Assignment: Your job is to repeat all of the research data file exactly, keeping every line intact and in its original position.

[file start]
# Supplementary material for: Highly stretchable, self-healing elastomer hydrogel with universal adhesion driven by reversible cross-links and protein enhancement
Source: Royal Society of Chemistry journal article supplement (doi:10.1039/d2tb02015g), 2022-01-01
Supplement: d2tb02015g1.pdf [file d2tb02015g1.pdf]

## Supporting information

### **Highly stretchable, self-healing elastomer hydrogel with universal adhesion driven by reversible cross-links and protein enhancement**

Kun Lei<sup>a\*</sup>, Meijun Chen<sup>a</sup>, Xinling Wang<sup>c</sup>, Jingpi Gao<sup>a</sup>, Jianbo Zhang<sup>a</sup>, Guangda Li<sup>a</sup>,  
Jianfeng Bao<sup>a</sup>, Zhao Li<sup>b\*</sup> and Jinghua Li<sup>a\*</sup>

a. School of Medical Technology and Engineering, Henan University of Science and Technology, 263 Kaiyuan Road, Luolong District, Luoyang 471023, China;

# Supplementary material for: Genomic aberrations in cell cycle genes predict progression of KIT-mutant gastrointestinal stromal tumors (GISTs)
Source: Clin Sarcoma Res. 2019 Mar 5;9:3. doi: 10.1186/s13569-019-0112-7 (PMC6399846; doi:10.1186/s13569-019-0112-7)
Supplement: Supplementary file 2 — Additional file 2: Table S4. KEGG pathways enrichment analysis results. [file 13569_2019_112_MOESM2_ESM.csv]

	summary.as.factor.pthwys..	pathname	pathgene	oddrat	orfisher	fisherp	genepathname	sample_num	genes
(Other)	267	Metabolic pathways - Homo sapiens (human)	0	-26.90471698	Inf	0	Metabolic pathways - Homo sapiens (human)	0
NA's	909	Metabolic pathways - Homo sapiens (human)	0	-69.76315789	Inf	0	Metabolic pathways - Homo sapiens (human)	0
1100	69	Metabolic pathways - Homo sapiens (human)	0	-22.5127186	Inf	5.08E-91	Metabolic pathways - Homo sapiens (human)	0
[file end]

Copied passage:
# Supplementary material for: Highly stretchable, self-healing elastomer hydrogel with universal adhesion driven by reversible cross-links and protein enhancement
Source: Royal Society of Chemistry journal article supplement (doi:10.1039/d2tb02015g), 2022-01-01
Supplement: d2tb02015g1.pdf [file d2tb02015g1.pdf]

## Supporting information

### **Highly stretchable, self-healing elastomer hydrogel with universal adhesion driven by reversible cross-links and protein enhancement**

Kun Lei<sup>a\*</sup>, Meijun Chen<sup>a</sup>, Xinling Wang<sup>c</sup>, Jingpi Gao<sup>a</sup>, Jianbo Zhang<sup>a</sup>, Guangda Li<sup>a</sup>,  
Jianfeng Bao<sup>a</sup>, Zhao Li<sup>b\*</sup> and Jinghua Li<sup>a\*</sup>

a. School of Medical Technology and Engineering, Henan University of Science and Technology, 263 Kaiyuan Road, Luolong District, Luoyang 471023, China;

# Supplementary material for: Genomic aberrations in cell cycle genes predict progression of KIT-mutant gastrointestinal stromal tumors (GISTs)
Source: Clin Sarcoma Res. 2019 Mar 5;9:3. doi: 10.1186/s13569-019-0112-7 (PMC6399846; doi:10.1186/s13569-019-0112-7)
Supplement: Supplementary file 2 — Additional file 2: Table S4. KEGG pathways enrichment analysis results. [file 13569_2019_112_MOESM2_ESM.csv]

	summary.as.factor.pthwys..	pathname	pathgene	oddrat	orfisher	fisherp	genepathname	sample_num	genes
(Other)	267	Metabolic pathways - Homo sapiens (human)	0	-26.90471698	Inf	0	Metabolic pathways - Homo sapiens (human)	0
NA's	909	Metabolic pathways - Homo sapiens (human)	0	-69.76315789	Inf	0	Metabolic pathways - Homo sapiens (human)	0
1100	69	Metabolic pathways - Homo sapiens (human)	0	-22.5127186	Inf	5.08E-91	Metabolic pathways - Homo sapiens (human)	0